5. The voltaic pile of claim 1 further comprising a charger capable of operating at a power level at least ten times higher than the charge redistribution system.
6. A voltaic pile with first and second terminals, said pile comprising:
a plurality of modules, each having third and fourth respective terminals with at least one voltaic cell connected series-wise therebetween;
said modules connected series-wise by said respective third and fourth terminals, with end terminals of said series-wise-connected modules defining said first and second terminals;
said pile operating at a first power level;
a charge redistribution system with DC input terminals and AC output terminals, said DC input terminals connected with said first and second terminals and operating at a power level no greater than one-tenth of the first power level;
each of said modules having respective charging terminals connected with said charge redistribution system AC output terminals;
each of said modules further having a transformer with a primary winding connected with said charging terminals and a secondary winding coupled via a rectifier with the at least one cell of said each of said modules whereby said at least one cell is charged.
7. The voltaic pile of claim 6, said pile further comprising a master charging controller communicatively coupled with each of said modules and with said charge redistribution system.
8. The voltaic pile of claim 6 in which said charge redistribution system is current-limited.
9. The voltaic pile of claim 6 further comprising a charger operating at a power level at least ten times that of the charge redistribution system.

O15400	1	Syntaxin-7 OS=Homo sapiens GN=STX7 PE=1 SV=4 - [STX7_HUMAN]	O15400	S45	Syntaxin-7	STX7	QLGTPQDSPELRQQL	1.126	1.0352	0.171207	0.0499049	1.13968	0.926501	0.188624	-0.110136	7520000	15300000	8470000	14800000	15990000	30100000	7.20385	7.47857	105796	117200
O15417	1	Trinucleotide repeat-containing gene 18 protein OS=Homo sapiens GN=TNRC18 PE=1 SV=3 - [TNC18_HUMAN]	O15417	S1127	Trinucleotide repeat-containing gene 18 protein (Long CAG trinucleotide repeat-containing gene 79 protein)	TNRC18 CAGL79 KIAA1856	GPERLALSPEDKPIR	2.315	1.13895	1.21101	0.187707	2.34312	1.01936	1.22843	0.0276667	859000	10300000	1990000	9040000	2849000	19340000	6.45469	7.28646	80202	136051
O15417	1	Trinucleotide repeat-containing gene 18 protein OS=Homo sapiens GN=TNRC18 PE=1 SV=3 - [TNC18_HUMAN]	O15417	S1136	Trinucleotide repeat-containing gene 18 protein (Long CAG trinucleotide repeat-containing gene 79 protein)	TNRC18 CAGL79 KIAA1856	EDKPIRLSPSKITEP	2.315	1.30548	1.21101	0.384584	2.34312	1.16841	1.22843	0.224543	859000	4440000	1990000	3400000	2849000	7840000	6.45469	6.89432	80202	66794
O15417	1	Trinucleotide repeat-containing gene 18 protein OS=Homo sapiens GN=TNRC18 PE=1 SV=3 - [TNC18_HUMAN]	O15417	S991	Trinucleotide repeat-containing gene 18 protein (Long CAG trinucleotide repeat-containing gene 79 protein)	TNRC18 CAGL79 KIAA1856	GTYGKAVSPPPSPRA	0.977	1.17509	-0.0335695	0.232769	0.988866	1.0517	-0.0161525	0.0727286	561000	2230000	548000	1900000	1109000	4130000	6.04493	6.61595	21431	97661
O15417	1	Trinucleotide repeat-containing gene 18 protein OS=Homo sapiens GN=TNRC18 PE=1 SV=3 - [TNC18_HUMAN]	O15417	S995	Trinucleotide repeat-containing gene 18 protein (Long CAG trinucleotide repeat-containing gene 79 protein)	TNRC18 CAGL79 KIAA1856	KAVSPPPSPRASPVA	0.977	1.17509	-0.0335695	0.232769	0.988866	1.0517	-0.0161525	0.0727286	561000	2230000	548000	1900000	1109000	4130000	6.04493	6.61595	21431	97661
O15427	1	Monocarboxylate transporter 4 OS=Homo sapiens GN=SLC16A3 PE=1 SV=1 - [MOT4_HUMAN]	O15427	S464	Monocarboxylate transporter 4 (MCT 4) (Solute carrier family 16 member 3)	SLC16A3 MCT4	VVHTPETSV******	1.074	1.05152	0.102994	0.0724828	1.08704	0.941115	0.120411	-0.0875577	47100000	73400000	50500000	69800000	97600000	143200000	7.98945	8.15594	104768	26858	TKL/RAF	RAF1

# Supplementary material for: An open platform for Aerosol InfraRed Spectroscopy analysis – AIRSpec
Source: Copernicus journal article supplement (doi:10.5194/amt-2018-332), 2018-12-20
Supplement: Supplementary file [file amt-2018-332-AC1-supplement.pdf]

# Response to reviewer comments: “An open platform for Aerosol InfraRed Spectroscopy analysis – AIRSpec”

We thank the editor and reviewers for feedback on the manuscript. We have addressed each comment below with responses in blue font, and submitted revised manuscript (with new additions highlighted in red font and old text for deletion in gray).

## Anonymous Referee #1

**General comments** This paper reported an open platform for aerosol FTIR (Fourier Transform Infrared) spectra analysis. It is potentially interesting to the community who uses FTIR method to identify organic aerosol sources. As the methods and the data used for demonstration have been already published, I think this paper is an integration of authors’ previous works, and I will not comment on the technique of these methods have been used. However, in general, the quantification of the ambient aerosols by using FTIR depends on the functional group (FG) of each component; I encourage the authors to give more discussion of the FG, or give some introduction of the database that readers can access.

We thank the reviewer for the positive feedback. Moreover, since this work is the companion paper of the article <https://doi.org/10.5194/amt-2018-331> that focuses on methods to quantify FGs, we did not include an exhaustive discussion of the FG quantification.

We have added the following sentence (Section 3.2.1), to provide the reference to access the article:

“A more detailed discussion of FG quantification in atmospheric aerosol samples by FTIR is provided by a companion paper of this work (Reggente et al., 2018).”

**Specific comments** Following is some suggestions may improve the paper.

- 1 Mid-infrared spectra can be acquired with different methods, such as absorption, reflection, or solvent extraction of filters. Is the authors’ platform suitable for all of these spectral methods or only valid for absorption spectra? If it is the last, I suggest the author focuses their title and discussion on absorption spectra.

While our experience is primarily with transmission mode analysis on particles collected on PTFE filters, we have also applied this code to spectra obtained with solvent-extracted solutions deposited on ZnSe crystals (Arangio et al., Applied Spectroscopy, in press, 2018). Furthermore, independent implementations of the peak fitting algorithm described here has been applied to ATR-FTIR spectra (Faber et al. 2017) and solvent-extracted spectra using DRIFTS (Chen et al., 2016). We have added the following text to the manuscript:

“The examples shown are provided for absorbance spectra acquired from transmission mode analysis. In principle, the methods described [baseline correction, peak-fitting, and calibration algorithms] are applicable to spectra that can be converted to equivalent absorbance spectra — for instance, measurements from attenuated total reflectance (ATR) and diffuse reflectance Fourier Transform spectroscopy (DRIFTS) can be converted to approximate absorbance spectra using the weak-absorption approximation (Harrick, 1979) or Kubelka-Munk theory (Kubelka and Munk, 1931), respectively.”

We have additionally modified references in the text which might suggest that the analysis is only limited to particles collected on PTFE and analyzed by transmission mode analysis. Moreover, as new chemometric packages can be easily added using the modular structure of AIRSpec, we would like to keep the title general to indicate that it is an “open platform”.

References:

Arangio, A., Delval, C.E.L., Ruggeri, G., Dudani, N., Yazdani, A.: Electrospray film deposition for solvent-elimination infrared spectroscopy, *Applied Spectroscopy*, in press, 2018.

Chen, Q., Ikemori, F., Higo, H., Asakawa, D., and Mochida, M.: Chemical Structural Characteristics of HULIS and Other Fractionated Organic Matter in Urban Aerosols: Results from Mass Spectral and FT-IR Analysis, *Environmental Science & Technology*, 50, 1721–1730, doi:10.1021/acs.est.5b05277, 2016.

10. A voltaic pile with first and second terminals, said pile comprising:
a plurality of modules, each having third and fourth respective terminals with a plurality of voltaic cells connected series-wise therebetween;
said modules connected in a series-parallel array by said respective third and fourth terminals, with end terminals of said series-parallel connected modules defining said first and second terminals;
said pile sized to operate at a first power level;
a charge redistribution system with DC input terminals and AC output terminals, said DC input terminals connected with said first and second terminals, said charge redistribution system sized to operate at a level no greater than one-tenth of the first power level;
each of said modules having respective charging terminals connected with said charge redistribution system AC output terminals;
each of said modules further having a transformer with a primary winding connected with said charging terminals and a secondary winding coupled via a rectifier with the cells of said each of said modules whereby said cells are charged.
11. The voltaic pile of claim 10 in which each of said modules further comprises a module charging controller operatively connected with said cells of said each of said modules for balancing the charging thereof, said pile further comprising a master charging controller communicatively coupled with each of said module charging controllers and with said charge redistribution system.
12. The voltaic pile of claim 10 in which said charge redistribution system is current-limited.
13. The voltaic pile of claim 10 further comprising a charger sized to operate at a level at least ten times that of the charge redistribution system.
14. A voltaic pile with first and second terminals, said pile comprising:
a plurality of modules, each having third and fourth respective terminals with at least one voltaic cell connected series-wise therebetween;
said modules connected series-wise by said respective third and fourth terminals, with end terminals of said series-wise-connected modules defining said first and second terminals, said pile operating at a first power level;